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Hi, @Ahmed Imam Attia

Here's what Prof. Swan says:

Regret + -ing form looks back at the past - at something that one is sorry that
one did.
I regret leaving school at 16 - it was a big mistake.
Regret + infinitive is used mostly in announcements of bad news.
We regret to inform passengers that the 14.50 train is one hour late.
We regret to say that we are unable to help you.

And in Cambridge Dictionary:

1) Regret - ing: 

to feel sorry about a situationespecially something that you wish you had not done:
If you don't tell her the truth you'll regret it later.
[ + doing sth ] I really regret leaving school so young.
[ + (that) ] He began to regret that he hadn't paid more attention in class.
 More examples

2) regret + infintive:

SORRY TO SAY formal

used to say that you are sorry that you have to tell someone about a situation:
[ + to do sth ] We regret to inform you that the application has been refused.
[ + (that) ] The council regrets that the money is no longer available.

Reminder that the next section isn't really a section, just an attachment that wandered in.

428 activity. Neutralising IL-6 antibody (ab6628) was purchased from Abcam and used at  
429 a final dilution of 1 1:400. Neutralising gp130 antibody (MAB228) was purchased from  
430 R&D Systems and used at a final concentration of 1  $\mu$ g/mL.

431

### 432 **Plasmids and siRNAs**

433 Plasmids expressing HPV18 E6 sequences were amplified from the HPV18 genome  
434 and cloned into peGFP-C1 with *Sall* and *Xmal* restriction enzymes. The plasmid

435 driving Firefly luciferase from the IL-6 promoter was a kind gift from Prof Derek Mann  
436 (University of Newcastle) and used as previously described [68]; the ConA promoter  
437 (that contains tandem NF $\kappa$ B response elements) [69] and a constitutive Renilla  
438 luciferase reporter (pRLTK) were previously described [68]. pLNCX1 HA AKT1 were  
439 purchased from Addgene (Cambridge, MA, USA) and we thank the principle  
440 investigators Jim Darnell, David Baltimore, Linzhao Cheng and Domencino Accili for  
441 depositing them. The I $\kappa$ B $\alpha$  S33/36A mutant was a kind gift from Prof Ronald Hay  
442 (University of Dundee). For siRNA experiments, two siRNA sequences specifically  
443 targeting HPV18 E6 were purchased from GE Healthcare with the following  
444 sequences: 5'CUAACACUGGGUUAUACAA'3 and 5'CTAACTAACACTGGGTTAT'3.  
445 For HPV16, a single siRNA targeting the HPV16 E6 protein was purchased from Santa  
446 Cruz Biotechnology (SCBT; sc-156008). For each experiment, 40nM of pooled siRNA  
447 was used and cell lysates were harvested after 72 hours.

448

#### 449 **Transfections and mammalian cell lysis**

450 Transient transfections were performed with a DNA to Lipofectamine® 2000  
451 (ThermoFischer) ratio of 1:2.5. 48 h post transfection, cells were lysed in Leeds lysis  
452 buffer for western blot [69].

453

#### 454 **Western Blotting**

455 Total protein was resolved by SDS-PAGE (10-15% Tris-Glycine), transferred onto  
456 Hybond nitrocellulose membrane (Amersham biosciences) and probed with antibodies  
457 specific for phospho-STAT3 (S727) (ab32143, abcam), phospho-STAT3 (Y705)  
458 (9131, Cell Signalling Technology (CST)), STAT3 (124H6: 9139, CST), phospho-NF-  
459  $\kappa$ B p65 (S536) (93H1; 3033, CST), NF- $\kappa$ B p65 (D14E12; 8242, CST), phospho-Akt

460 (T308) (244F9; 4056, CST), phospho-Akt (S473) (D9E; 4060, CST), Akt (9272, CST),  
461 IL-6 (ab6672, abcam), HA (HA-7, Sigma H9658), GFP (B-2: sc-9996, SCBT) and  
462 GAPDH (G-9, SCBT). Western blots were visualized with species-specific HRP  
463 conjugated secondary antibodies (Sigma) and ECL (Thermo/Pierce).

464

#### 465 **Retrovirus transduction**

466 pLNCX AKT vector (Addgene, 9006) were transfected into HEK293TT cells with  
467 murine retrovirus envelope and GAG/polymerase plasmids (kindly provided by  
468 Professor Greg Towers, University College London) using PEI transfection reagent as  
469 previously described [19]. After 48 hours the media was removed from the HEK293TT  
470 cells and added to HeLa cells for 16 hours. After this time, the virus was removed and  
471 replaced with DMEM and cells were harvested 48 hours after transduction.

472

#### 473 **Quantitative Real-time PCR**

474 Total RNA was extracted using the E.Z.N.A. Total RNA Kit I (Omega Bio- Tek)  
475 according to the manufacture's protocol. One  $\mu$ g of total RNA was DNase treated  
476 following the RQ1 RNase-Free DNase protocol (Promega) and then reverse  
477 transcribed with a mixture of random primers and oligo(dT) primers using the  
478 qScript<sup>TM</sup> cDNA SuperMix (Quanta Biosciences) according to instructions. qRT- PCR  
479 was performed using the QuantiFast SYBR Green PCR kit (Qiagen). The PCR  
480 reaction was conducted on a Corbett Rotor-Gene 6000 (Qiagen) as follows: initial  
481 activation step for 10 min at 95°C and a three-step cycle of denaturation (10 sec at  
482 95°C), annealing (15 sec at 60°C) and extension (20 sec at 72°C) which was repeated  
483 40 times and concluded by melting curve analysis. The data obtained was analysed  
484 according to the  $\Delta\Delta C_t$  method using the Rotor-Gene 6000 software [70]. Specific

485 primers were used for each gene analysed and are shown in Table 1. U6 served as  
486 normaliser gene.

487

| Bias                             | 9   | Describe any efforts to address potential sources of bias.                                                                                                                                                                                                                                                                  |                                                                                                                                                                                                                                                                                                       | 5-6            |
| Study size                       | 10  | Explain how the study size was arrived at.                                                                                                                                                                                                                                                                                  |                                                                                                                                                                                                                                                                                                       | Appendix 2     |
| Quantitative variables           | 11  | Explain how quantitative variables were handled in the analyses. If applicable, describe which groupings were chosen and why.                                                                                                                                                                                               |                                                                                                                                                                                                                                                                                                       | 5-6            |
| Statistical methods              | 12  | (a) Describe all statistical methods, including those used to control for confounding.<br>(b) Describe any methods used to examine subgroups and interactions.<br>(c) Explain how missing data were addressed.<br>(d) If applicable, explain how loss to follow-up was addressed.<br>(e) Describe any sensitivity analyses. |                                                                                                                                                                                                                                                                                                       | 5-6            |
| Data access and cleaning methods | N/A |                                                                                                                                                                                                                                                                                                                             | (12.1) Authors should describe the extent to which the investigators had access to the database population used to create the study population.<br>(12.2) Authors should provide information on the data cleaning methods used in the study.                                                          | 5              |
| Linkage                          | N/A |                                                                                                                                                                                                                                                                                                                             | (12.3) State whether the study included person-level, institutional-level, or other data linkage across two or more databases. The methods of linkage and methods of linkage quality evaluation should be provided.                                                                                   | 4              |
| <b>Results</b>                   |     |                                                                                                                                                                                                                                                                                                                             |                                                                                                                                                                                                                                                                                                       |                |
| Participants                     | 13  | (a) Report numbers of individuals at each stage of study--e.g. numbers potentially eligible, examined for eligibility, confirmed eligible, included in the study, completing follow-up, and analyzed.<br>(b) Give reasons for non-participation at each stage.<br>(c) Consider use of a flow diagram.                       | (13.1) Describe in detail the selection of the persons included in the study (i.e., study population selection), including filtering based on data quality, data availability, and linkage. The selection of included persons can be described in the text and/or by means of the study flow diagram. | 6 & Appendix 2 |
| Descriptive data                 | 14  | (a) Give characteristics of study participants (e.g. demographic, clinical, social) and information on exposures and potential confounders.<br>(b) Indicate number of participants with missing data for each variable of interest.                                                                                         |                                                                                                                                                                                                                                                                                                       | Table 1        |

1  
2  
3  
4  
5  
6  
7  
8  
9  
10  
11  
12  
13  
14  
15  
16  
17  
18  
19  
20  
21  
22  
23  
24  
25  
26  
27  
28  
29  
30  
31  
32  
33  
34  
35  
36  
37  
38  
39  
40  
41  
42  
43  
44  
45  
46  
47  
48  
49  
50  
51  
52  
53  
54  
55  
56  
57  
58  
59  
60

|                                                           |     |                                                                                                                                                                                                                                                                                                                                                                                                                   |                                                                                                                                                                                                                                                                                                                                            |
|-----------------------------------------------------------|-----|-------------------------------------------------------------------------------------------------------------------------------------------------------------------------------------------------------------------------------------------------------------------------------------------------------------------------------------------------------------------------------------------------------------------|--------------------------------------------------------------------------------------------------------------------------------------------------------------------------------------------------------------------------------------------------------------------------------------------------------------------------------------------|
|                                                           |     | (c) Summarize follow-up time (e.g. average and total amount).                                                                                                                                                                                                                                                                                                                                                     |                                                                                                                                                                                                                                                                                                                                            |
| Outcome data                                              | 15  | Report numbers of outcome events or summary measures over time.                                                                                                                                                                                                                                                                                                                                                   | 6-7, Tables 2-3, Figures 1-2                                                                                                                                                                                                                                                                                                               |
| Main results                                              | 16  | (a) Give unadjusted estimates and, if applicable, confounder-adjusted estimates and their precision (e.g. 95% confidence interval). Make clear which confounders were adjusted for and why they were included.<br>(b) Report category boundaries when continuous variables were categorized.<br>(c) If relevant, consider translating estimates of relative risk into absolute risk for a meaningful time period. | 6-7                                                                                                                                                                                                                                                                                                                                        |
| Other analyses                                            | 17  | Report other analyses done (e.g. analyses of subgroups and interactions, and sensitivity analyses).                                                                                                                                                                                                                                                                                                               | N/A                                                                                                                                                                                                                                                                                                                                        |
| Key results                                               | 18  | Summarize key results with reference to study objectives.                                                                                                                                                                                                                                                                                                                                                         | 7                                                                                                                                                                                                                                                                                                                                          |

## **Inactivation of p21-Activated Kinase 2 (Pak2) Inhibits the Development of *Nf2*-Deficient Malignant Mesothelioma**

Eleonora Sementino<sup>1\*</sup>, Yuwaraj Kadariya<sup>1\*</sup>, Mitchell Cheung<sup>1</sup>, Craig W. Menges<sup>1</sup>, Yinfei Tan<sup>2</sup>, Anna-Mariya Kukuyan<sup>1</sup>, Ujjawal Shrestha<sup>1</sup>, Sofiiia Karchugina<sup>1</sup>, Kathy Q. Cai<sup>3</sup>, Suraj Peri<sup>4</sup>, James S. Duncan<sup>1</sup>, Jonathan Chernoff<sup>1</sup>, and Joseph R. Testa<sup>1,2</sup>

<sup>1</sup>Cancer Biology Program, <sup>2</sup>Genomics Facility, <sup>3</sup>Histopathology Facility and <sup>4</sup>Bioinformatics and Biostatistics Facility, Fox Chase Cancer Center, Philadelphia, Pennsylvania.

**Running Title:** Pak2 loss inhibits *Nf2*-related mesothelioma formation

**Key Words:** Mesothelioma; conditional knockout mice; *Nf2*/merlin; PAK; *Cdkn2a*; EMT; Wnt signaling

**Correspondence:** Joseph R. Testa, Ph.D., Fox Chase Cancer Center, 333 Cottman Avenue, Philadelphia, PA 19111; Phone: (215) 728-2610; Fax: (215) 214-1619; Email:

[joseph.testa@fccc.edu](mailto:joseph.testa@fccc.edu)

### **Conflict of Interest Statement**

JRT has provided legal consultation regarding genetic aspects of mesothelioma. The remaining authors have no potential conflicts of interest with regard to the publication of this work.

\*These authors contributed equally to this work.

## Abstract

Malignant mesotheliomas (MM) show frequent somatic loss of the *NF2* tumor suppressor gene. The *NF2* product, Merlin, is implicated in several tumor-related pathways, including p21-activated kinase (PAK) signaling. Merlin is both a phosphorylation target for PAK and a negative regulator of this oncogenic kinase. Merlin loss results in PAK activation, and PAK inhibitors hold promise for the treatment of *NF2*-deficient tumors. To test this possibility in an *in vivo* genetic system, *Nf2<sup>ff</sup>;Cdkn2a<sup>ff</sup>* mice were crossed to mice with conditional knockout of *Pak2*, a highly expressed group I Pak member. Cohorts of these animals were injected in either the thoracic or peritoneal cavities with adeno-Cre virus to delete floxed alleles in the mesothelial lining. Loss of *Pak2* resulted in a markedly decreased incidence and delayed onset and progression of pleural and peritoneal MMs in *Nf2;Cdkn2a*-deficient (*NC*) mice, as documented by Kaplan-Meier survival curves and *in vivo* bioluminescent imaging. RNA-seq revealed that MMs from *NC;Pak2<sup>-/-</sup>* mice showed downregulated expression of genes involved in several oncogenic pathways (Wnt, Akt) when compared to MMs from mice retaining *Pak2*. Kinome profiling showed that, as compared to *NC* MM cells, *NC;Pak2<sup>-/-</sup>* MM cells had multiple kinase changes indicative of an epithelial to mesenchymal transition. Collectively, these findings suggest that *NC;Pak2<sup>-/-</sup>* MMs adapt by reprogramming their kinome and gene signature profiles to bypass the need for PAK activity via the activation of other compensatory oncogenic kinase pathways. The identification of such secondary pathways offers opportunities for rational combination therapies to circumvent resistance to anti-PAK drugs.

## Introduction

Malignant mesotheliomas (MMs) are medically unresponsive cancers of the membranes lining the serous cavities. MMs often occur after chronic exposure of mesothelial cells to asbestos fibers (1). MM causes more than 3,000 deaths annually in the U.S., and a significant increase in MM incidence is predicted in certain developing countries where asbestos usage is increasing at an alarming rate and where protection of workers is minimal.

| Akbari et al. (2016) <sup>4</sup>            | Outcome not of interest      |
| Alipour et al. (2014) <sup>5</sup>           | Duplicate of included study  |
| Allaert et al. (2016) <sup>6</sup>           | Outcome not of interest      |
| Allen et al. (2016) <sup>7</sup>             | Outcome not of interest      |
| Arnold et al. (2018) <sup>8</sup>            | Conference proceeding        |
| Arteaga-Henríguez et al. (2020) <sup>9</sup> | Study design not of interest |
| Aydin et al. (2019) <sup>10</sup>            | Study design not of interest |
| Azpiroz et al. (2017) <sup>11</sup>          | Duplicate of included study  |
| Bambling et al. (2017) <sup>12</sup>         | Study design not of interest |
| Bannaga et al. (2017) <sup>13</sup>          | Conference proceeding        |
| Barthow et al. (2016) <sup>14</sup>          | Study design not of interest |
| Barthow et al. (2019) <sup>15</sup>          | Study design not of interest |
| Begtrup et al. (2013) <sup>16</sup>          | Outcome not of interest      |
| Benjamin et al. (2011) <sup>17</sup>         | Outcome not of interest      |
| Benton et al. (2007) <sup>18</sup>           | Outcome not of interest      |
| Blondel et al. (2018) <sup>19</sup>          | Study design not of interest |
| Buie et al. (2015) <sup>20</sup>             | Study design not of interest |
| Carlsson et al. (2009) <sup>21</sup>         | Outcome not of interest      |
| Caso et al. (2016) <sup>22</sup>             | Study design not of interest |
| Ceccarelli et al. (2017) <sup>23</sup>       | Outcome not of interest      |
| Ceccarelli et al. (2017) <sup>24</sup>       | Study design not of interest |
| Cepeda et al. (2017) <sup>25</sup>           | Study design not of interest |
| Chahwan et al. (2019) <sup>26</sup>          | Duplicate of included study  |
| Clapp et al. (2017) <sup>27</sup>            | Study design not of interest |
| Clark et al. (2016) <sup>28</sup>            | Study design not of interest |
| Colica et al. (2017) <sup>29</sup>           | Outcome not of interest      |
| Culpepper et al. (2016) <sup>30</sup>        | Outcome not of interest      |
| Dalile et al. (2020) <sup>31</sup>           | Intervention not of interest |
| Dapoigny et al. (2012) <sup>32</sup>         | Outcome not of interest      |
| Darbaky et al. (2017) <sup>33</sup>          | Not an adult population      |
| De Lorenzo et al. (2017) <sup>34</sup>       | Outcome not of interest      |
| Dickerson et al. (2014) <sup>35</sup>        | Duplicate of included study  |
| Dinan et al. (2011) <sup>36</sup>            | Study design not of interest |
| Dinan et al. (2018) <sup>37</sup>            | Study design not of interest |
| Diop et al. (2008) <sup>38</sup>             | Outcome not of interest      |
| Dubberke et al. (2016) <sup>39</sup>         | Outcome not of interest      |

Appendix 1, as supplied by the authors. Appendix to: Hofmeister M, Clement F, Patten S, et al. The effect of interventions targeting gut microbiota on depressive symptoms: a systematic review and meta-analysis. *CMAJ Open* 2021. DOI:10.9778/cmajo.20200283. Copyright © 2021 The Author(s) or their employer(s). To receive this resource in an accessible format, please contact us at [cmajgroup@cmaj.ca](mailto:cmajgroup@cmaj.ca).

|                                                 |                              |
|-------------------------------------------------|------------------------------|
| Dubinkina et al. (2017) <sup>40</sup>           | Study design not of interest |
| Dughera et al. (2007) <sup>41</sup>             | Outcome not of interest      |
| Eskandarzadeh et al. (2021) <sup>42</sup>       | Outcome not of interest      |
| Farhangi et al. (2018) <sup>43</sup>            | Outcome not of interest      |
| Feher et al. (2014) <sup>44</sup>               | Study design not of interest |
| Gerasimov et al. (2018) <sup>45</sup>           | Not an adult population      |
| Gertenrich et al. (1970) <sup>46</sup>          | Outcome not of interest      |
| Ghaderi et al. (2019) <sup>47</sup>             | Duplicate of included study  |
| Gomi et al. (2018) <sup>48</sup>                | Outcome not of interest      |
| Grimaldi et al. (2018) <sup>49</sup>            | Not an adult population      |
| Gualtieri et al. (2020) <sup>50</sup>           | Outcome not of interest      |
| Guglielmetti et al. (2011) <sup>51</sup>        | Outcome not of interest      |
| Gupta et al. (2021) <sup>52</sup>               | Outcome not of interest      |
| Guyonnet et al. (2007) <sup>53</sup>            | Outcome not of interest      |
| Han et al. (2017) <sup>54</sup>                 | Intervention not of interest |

So. I think the best option here is "going" to refer to the point of feeling sorry for doing something.
Anyway, I'm waiting, of course, for our teachers' answer.

 

Yes, the answer is "Do you regret going to the party?," not "Do you regret to go to the party?" When there is or may be regret for something that has already occurred, we always use either a (finite) "that"-clause or a (nonfinite) -ing clause. "Do you regret going to the party?" means the same thing as "Do you regret that you went to the party?"

The formal use of "regret to VP" is confined to verbs of speaking. "Regret to" is almost invariably followed by verbs like "inform," "tell," "say," "ask," "report," etc., where the clause following that verb does the informing. I think a sentence like "I regret to tell you this" may be analyzed as an abbreviated version of "I regret needing to tell you this," which contains the -ing complement after all.

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